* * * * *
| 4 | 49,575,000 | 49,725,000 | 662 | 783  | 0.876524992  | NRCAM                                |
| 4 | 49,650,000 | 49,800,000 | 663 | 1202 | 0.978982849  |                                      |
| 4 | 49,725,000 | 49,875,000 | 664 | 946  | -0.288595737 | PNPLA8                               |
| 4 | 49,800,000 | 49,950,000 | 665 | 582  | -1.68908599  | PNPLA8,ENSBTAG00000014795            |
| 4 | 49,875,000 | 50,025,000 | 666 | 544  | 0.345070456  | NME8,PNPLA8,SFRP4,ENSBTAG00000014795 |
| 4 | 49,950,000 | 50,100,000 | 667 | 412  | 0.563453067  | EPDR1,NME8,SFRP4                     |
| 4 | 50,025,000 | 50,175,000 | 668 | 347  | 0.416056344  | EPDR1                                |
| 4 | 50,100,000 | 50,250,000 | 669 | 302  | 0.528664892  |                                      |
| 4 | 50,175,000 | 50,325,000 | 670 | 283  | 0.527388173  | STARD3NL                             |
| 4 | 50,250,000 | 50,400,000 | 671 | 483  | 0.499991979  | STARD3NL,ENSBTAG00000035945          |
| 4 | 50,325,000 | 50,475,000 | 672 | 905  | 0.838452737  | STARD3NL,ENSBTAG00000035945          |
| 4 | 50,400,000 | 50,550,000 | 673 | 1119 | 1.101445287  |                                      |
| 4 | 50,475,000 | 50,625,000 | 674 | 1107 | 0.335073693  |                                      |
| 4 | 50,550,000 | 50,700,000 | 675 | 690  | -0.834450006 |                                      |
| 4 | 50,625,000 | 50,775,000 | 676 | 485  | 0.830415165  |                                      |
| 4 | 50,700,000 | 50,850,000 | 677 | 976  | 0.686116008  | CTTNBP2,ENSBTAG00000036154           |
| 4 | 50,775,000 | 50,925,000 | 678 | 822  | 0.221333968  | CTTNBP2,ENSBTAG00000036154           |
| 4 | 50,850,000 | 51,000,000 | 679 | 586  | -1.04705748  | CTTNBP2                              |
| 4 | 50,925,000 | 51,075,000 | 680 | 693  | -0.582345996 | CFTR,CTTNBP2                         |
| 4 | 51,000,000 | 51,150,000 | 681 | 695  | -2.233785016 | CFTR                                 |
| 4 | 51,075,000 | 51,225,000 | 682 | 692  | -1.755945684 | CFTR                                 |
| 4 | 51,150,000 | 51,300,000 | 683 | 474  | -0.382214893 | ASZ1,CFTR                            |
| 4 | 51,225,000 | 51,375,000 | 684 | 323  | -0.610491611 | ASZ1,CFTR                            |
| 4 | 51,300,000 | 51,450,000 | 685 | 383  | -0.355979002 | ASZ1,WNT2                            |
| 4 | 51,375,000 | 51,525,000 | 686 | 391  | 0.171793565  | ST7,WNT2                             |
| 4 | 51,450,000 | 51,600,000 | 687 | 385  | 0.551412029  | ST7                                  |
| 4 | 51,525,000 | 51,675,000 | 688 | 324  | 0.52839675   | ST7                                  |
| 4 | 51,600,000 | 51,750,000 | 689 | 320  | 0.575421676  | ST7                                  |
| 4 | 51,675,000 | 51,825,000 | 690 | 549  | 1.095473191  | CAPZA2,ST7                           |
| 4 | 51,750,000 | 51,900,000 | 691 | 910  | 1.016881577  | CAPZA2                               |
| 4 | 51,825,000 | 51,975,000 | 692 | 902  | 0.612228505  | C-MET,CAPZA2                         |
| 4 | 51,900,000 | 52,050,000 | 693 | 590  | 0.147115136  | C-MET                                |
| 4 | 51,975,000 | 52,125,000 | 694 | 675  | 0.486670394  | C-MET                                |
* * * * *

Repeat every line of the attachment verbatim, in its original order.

| 4 | 49,575,000 | 49,725,000 | 662 | 783  | 0.876524992  | NRCAM                                |
| 4 | 49,650,000 | 49,800,000 | 663 | 1202 | 0.978982849  |                                      |
| 4 | 49,725,000 | 49,875,000 | 664 | 946  | -0.288595737 | PNPLA8                               |
| 4 | 49,800,000 | 49,950,000 | 665 | 582  | -1.68908599  | PNPLA8,ENSBTAG00000014795            |
| 4 | 49,875,000 | 50,025,000 | 666 | 544  | 0.345070456  | NME8,PNPLA8,SFRP4,ENSBTAG00000014795 |
| 4 | 49,950,000 | 50,100,000 | 667 | 412  | 0.563453067  | EPDR1,NME8,SFRP4                     |
| 4 | 50,025,000 | 50,175,000 | 668 | 347  | 0.416056344  | EPDR1                                |
| 4 | 50,100,000 | 50,250,000 | 669 | 302  | 0.528664892  |                                      |
| 4 | 50,175,000 | 50,325,000 | 670 | 283  | 0.527388173  | STARD3NL                             |
| 4 | 50,250,000 | 50,400,000 | 671 | 483  | 0.499991979  | STARD3NL,ENSBTAG00000035945          |
| 4 | 50,325,000 | 50,475,000 | 672 | 905  | 0.838452737  | STARD3NL,ENSBTAG00000035945          |
| 4 | 50,400,000 | 50,550,000 | 673 | 1119 | 1.101445287  |                                      |
| 4 | 50,475,000 | 50,625,000 | 674 | 1107 | 0.335073693  |                                      |
| 4 | 50,550,000 | 50,700,000 | 675 | 690  | -0.834450006 |                                      |
| 4 | 50,625,000 | 50,775,000 | 676 | 485  | 0.830415165  |                                      |
| 4 | 50,700,000 | 50,850,000 | 677 | 976  | 0.686116008  | CTTNBP2,ENSBTAG00000036154           |
| 4 | 50,775,000 | 50,925,000 | 678 | 822  | 0.221333968  | CTTNBP2,ENSBTAG00000036154           |
| 4 | 50,850,000 | 51,000,000 | 679 | 586  | -1.04705748  | CTTNBP2                              |
| 4 | 50,925,000 | 51,075,000 | 680 | 693  | -0.582345996 | CFTR,CTTNBP2                         |
| 4 | 51,000,000 | 51,150,000 | 681 | 695  | -2.233785016 | CFTR                                 |
| 4 | 51,075,000 | 51,225,000 | 682 | 692  | -1.755945684 | CFTR                                 |
| 4 | 51,150,000 | 51,300,000 | 683 | 474  | -0.382214893 | ASZ1,CFTR                            |
| 4 | 51,225,000 | 51,375,000 | 684 | 323  | -0.610491611 | ASZ1,CFTR                            |
| 4 | 51,300,000 | 51,450,000 | 685 | 383  | -0.355979002 | ASZ1,WNT2                            |
| 4 | 51,375,000 | 51,525,000 | 686 | 391  | 0.171793565  | ST7,WNT2                             |
| 4 | 51,450,000 | 51,600,000 | 687 | 385  | 0.551412029  | ST7                                  |
| 4 | 51,525,000 | 51,675,000 | 688 | 324  | 0.52839675   | ST7                                  |
| 4 | 51,600,000 | 51,750,000 | 689 | 320  | 0.575421676  | ST7                                  |
| 4 | 51,675,000 | 51,825,000 | 690 | 549  | 1.095473191  | CAPZA2,ST7                           |
| 4 | 51,750,000 | 51,900,000 | 691 | 910  | 1.016881577  | CAPZA2                               |
| 4 | 51,825,000 | 51,975,000 | 692 | 902  | 0.612228505  | C-MET,CAPZA2                         |
| 4 | 51,900,000 | 52,050,000 | 693 | 590  | 0.147115136  | C-MET                                |
| 4 | 51,975,000 | 52,125,000 | 694 | 675  | 0.486670394  | C-MET                                |